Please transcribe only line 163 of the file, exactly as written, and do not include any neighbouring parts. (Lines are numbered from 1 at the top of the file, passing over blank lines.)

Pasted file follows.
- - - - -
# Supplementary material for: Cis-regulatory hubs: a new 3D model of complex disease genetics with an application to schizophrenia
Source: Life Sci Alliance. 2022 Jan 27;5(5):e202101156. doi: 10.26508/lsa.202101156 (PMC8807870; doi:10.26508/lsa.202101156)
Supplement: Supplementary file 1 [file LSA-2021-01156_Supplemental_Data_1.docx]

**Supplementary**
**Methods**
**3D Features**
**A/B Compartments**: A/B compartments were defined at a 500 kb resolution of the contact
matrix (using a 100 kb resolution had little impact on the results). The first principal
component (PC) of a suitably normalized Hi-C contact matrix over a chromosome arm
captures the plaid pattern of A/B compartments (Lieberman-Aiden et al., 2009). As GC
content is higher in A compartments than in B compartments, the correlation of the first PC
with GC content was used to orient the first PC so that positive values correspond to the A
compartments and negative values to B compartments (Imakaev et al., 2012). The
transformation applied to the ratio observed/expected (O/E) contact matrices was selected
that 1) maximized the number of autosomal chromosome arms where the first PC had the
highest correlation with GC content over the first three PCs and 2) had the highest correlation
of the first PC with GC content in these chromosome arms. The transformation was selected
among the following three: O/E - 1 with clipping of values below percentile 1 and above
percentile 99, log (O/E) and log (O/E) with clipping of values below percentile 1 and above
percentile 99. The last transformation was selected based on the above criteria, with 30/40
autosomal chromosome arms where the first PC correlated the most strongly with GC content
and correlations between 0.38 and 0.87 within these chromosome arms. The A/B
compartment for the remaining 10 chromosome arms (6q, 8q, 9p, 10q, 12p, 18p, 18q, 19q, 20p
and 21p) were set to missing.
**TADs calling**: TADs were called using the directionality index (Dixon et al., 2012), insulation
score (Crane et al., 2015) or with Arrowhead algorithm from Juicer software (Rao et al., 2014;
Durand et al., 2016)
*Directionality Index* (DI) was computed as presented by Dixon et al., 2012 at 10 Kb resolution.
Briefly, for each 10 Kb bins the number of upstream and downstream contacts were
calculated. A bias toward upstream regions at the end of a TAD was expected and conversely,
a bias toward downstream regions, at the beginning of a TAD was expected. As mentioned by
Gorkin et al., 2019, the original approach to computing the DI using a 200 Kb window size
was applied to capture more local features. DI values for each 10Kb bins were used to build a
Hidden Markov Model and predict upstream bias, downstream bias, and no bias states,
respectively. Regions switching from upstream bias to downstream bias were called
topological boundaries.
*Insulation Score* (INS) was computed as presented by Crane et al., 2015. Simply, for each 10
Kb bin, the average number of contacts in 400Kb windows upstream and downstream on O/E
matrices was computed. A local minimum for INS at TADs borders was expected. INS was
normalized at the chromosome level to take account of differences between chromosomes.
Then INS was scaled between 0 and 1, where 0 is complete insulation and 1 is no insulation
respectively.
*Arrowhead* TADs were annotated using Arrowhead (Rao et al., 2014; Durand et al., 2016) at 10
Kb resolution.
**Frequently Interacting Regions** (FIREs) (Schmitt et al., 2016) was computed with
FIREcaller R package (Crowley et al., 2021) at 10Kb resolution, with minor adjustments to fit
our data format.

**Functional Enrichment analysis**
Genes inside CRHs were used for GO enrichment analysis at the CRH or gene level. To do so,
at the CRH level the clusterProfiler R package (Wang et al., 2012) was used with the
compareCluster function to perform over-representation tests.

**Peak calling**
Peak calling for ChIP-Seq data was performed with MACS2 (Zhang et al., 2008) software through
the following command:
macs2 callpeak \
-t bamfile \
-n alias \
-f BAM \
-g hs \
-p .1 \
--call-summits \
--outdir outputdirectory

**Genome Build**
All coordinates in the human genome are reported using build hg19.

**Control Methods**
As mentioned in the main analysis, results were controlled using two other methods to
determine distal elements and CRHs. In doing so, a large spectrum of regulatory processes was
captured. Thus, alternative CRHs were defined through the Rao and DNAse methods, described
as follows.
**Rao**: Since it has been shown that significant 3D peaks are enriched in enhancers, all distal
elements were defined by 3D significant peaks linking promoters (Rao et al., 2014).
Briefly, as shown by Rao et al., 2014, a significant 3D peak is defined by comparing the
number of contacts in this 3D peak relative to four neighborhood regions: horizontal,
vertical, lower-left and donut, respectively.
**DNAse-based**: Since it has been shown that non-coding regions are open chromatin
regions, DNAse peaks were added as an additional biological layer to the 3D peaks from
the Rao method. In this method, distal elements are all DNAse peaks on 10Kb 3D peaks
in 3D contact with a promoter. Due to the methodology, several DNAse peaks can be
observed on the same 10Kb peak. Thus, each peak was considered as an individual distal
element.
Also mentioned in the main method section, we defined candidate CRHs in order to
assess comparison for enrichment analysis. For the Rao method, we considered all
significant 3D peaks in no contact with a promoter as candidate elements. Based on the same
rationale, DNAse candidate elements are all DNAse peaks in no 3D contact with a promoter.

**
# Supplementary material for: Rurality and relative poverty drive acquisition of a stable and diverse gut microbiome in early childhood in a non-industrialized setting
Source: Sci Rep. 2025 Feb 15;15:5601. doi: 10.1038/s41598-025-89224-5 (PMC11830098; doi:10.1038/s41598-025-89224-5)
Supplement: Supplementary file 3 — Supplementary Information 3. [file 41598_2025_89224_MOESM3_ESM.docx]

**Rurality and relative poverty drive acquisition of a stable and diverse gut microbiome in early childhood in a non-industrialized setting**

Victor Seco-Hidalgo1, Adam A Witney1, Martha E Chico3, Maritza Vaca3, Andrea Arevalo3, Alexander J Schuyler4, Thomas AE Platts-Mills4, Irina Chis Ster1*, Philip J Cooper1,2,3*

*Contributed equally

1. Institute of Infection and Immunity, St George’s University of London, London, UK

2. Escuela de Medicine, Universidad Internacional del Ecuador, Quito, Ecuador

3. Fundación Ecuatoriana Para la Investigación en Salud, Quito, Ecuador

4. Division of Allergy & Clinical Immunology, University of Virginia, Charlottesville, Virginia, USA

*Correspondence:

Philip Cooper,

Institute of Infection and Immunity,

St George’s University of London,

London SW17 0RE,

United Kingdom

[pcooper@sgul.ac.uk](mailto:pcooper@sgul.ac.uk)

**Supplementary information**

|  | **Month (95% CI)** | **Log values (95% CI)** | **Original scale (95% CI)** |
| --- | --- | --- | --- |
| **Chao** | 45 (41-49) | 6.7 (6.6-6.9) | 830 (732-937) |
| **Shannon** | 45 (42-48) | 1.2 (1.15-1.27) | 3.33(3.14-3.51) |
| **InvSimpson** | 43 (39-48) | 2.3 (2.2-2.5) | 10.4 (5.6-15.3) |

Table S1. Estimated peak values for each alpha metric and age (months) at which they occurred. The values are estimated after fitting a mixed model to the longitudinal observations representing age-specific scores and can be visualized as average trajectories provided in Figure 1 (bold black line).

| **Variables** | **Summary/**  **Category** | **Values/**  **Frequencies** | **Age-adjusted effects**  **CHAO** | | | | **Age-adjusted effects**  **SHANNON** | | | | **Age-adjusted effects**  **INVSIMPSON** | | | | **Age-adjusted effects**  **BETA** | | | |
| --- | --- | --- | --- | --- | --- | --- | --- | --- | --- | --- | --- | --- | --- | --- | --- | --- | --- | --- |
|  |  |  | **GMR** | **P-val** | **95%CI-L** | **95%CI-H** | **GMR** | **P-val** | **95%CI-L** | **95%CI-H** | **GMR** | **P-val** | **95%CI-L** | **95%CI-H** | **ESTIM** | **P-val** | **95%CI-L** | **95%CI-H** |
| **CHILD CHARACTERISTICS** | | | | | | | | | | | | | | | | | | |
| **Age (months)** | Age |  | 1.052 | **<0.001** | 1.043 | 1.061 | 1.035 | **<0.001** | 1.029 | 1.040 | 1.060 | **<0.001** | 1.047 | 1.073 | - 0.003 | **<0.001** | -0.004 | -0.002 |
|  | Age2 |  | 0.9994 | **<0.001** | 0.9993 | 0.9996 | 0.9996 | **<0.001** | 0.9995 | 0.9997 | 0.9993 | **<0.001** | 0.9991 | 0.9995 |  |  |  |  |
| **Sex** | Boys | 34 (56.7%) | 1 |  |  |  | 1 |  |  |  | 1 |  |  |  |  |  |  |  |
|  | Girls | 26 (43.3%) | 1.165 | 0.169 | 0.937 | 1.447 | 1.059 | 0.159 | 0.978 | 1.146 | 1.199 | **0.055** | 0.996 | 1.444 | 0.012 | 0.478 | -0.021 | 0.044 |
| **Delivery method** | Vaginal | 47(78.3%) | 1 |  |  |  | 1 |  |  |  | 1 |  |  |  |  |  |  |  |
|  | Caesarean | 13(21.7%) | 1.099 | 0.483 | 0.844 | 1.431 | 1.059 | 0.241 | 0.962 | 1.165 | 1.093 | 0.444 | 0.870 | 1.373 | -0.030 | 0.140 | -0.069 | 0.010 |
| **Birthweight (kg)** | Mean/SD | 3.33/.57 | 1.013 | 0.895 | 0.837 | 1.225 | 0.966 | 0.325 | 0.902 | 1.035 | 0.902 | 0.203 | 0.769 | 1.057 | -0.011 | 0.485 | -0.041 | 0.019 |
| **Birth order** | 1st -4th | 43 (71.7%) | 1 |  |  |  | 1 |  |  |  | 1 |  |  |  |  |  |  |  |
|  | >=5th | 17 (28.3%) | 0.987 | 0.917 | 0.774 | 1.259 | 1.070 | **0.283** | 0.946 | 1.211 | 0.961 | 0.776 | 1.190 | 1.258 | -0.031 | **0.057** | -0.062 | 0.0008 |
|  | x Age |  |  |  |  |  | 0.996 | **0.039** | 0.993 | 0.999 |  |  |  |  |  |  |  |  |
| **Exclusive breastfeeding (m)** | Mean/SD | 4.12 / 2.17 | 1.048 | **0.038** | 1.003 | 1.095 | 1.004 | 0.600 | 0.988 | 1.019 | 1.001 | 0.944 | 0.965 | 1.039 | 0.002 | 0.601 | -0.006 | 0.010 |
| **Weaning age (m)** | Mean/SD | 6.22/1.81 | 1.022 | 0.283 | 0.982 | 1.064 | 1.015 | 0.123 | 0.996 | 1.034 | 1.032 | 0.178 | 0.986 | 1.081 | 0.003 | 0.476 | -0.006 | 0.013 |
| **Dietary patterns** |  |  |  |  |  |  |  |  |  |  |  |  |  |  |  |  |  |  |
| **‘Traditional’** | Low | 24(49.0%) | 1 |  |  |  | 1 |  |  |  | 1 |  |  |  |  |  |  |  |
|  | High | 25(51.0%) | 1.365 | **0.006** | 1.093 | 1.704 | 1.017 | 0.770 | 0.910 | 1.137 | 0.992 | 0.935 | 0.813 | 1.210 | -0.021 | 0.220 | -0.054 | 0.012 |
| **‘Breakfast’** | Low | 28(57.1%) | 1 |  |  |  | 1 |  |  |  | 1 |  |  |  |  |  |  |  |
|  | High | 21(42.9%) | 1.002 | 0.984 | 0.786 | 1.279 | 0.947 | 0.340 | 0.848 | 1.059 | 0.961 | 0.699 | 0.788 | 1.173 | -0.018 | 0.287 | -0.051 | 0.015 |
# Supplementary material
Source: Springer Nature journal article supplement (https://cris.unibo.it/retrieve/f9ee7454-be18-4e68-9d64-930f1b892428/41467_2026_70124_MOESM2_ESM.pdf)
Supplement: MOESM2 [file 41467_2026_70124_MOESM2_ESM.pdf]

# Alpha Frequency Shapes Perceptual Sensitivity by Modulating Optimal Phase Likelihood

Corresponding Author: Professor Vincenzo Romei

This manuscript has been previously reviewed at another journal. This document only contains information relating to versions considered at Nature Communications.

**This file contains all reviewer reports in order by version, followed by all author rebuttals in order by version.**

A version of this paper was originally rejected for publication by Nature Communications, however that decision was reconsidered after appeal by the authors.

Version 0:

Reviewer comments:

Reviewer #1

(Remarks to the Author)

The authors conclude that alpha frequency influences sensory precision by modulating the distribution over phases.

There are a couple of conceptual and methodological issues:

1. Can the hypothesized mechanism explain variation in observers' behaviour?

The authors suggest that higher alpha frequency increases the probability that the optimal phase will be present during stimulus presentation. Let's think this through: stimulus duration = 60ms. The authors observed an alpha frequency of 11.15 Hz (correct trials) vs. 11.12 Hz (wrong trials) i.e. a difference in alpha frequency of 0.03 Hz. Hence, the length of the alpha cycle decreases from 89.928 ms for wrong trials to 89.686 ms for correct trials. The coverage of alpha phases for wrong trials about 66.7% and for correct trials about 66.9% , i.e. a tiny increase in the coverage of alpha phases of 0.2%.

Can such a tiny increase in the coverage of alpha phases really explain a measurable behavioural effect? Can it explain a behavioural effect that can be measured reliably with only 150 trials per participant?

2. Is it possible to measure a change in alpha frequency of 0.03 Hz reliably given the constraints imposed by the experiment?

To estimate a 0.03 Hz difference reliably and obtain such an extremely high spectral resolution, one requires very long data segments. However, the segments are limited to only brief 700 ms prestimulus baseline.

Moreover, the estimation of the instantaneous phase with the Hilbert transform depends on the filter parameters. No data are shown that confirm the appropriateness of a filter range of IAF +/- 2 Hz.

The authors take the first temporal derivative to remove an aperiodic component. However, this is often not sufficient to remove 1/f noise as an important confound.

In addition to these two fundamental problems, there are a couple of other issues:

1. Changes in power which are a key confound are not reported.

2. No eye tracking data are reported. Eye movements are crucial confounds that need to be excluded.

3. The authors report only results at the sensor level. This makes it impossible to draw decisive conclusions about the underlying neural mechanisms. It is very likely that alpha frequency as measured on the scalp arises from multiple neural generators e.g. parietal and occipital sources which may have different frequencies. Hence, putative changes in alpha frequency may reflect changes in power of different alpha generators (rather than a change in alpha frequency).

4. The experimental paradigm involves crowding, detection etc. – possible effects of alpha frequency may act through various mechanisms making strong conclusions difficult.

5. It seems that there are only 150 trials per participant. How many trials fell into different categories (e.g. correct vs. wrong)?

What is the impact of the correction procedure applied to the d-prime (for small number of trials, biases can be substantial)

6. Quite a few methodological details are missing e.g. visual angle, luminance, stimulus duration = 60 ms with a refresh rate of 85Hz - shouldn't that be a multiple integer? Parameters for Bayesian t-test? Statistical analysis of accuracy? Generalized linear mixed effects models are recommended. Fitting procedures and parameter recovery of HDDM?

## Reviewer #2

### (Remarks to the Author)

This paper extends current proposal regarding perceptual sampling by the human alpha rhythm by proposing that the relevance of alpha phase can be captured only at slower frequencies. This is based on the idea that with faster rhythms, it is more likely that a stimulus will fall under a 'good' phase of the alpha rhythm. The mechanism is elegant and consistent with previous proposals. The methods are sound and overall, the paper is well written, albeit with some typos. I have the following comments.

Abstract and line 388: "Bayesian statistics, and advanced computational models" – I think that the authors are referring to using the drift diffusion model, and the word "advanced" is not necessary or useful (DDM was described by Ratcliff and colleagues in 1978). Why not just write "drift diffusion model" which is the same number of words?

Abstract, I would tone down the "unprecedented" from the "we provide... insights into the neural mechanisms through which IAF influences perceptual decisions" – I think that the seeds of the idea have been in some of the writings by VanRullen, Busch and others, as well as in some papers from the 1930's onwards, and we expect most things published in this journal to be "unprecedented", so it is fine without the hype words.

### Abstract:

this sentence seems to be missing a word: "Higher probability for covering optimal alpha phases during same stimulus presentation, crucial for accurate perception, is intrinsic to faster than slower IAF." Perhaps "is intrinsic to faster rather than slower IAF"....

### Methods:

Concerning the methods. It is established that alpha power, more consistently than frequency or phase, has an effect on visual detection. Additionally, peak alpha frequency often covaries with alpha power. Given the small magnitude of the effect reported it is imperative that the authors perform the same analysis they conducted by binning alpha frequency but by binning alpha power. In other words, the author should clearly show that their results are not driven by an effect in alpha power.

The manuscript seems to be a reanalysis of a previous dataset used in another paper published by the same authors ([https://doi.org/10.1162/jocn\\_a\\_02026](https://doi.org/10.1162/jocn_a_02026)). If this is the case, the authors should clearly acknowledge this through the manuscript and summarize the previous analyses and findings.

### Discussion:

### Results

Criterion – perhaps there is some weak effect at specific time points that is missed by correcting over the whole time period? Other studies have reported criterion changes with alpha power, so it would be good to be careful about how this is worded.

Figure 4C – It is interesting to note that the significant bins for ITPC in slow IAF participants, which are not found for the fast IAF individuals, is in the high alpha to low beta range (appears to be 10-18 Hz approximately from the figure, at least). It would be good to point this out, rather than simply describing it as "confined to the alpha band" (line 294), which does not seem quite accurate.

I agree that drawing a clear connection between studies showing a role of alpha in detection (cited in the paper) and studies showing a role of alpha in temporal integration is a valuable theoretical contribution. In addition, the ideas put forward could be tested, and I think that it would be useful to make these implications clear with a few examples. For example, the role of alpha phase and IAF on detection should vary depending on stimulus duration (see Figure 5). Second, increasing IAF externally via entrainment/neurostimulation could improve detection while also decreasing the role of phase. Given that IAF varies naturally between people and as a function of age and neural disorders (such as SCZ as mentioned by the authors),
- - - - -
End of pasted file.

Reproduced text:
Abstract and line 388: "Bayesian statistics, and advanced computational models" – I think that the authors are referring to using the drift diffusion model, and the word "advanced" is not necessary or useful (DDM was described by Ratcliff and colleagues in 1978). Why not just write "drift diffusion model" which is the same number of words?